When Mike Daisey recalls a scene from the Burning Man festival in his latest monologue, “American Utopias,” he might as well be describing himself. “There are people,” he says, “who cannot enjoy an experience until they are telling the story to someone else.”
Daisey has made a career out of telling tales. He sits, Spalding Gray-style, at a wooden table, armed only with a stack of legal paper, a glass of water, and a cloth to mop his brow. This particular saga, performed last weekend at the Paramount Center Mainstage as part of ArtsEmerson’s The Next Thing Festival, explores the unique American itch to create a better community. He takes us to three disparate places: Disney World, Burning Man, and Zuccotti Park, the public plaza in New York where the Occupy Wall Street movement began.
The man in black is like a performance artist literally out of water (but not coffee and psychedelics) at Burning Man. He tells us straight out that he is opposed — pause — to camping. He doesn’t like being naked in public because — pause — he needs pockets. But he and his wife and collaborator, Jean-Michele Gregory, eventually commune with their “tribe,” led by a tattooed character called Captain Breakfast. In a series of vivid images that are hilarious, raunchy, and at times profound, he describes a spectacle where mutant vehicles appear miraculously in the desert, a place where orgies coexist with courses in crocheting.
The piece takes a hard right when Daisey turns to Disney World, which he visited with his extended family from New Jersey. These folks are hard-core Mouseketeers. Disney, he tells us, is their religion. Daisey’s observations about the place where dreams come true are not particularly original. It’s pristine. It’s perfect. It’s better than Prague! But his relatives, for all their obsession with the fabulous “Extra Hours,” come off as endearing in their all-American desire to create a living fantasy in their own backyard.
The sections on Zuccotti Park are less compelling, because Daisey didn’t actually go there. He was a mile away in Brooklyn. He strives to glorify the protest, but he lacks the gorgeous details that illuminate his other tales. The piece is about how strangers come together in public places to “build a slightly better mousetrap,” and it works when Daisey paints a vivid picture, using only his well-modulated voice as an instrument. The material is thin with the Occupy movement, and it goes on for far too long.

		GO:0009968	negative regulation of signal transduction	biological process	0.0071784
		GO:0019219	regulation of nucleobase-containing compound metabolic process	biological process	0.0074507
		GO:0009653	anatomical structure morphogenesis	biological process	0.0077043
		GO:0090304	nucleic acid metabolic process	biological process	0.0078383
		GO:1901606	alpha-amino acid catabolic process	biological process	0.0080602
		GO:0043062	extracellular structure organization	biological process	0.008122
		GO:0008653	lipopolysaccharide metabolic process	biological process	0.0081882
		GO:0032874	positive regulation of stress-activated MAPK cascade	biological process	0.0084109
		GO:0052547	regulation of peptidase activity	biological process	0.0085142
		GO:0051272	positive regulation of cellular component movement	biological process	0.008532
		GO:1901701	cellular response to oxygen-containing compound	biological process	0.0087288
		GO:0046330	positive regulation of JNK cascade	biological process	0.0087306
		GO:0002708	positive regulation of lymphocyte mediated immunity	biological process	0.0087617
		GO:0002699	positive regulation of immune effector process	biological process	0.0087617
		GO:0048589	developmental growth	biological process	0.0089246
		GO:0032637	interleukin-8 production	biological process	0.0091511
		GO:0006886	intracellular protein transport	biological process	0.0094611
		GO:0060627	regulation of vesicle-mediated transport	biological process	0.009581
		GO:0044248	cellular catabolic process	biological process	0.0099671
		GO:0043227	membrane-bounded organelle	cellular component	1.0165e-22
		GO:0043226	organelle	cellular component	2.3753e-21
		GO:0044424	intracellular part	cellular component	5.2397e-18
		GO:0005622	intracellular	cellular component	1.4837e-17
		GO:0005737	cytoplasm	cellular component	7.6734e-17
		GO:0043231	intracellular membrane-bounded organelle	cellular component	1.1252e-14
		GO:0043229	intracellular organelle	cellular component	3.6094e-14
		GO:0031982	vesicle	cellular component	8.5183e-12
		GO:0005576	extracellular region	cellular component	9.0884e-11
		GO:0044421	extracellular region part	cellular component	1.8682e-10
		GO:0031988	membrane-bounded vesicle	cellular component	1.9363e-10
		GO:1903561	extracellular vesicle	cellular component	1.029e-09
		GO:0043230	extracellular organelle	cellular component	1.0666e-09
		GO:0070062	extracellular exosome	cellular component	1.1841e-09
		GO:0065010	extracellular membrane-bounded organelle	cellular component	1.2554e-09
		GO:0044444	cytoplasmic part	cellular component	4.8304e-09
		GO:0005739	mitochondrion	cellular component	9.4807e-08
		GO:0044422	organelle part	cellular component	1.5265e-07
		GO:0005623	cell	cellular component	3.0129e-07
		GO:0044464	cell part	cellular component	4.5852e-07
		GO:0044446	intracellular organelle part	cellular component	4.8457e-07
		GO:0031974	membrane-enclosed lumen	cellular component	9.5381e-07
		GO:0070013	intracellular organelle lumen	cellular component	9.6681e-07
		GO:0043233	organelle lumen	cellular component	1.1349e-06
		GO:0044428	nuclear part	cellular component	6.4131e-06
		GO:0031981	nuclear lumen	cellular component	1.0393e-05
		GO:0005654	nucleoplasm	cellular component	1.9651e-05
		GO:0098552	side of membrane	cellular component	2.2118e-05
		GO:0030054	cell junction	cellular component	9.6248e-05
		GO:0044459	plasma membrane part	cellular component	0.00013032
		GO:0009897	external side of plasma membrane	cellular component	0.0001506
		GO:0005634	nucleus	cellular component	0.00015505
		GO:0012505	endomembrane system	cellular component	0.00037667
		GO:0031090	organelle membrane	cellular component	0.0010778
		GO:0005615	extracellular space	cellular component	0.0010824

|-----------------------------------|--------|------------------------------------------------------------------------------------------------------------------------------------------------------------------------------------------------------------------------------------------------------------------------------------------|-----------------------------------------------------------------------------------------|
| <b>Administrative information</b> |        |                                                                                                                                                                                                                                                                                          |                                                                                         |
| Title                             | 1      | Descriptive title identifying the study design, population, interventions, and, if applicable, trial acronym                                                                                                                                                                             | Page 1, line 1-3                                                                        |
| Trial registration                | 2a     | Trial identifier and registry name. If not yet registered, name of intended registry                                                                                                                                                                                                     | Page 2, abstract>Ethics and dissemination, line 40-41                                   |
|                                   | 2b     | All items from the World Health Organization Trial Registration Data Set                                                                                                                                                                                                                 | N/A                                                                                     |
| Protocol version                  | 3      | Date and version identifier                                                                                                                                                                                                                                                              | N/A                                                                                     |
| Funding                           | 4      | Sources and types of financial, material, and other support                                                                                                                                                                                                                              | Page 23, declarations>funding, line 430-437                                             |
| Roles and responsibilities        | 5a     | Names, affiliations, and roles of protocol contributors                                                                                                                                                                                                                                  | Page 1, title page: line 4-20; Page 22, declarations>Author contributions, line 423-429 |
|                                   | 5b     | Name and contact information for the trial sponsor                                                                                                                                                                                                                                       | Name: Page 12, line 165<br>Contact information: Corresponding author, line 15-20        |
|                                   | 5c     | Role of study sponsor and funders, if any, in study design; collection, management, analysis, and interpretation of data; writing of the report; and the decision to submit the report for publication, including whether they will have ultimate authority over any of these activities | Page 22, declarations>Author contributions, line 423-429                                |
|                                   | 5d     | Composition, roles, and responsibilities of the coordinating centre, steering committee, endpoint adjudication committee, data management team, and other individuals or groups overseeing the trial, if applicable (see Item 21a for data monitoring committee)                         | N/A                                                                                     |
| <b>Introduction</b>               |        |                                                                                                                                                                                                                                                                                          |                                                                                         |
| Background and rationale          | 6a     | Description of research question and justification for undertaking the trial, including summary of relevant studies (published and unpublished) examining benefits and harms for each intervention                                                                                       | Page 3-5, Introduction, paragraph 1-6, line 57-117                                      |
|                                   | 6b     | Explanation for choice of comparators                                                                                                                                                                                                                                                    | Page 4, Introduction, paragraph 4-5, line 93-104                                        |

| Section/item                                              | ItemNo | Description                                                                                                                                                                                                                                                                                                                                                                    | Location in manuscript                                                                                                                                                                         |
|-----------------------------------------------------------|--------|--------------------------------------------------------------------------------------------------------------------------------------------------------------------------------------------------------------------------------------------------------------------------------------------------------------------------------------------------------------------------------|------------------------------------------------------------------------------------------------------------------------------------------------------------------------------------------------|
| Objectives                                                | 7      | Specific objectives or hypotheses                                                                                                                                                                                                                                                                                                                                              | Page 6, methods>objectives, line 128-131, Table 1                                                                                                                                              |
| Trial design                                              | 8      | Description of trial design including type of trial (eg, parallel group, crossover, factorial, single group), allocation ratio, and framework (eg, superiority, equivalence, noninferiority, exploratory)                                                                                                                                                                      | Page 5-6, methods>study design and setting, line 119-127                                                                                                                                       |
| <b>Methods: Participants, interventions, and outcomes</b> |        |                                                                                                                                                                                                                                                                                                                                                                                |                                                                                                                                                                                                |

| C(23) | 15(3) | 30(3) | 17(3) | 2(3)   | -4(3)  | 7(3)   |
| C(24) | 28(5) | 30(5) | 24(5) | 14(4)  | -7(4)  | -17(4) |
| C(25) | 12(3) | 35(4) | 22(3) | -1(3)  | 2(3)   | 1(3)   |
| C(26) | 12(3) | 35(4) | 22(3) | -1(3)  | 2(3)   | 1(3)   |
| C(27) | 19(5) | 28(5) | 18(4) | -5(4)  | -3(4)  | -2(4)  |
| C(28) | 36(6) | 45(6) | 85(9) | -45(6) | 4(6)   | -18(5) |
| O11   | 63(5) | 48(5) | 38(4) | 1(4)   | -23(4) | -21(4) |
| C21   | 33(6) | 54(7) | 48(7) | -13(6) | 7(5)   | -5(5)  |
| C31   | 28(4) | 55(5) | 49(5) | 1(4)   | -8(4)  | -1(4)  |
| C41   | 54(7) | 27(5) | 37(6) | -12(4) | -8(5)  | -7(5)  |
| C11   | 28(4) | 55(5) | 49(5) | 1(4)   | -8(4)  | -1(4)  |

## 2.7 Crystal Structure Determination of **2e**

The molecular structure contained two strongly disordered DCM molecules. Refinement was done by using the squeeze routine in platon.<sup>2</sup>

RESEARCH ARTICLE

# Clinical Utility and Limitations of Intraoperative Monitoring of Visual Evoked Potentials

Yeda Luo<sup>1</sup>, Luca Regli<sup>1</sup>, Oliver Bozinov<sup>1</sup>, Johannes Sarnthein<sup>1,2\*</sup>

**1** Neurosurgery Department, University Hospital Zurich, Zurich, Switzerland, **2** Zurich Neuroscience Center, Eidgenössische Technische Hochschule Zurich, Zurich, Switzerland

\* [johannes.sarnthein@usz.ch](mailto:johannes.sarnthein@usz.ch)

Daisey got into truthiness trouble last year with his monologue “The Agony and the Ecstasy of Steve Jobs,” which prompted a retraction from the public radio show “This American Life.” I couldn’t help making a mental list of facts to check. Does Cousin Chris from New Jersey really throw elaborate safari-themed parties? And if she does, how do I get an invitation? I also couldn’t help noting factual discrepancies. If Daisey’s relatives conned their way into getting a special needs pass at Disney by putting Uncle Dick in a wheelchair, they didn’t need to race for Fast Passes to cut the lines. (Yes, I know this. The secret to taking the kids to Disney is getting over yourself.) And the Disney conglomerate did, in fact, build a Stepford-like city in the swamplands of Florida. It’s called Celebration, population 7,427, and has neat little houses and a main street that leads straight to the Magic Kingdom.
In the end, Daisey wants to take his message to the streets, in this case a place just over a block from the site of the Liberty Tree, where the original conversation about this American experiment first began. He is asking if we can create a community in the theater, where people come together to share a common experience. The answer is sometimes, when the stories gel and the magic rings true.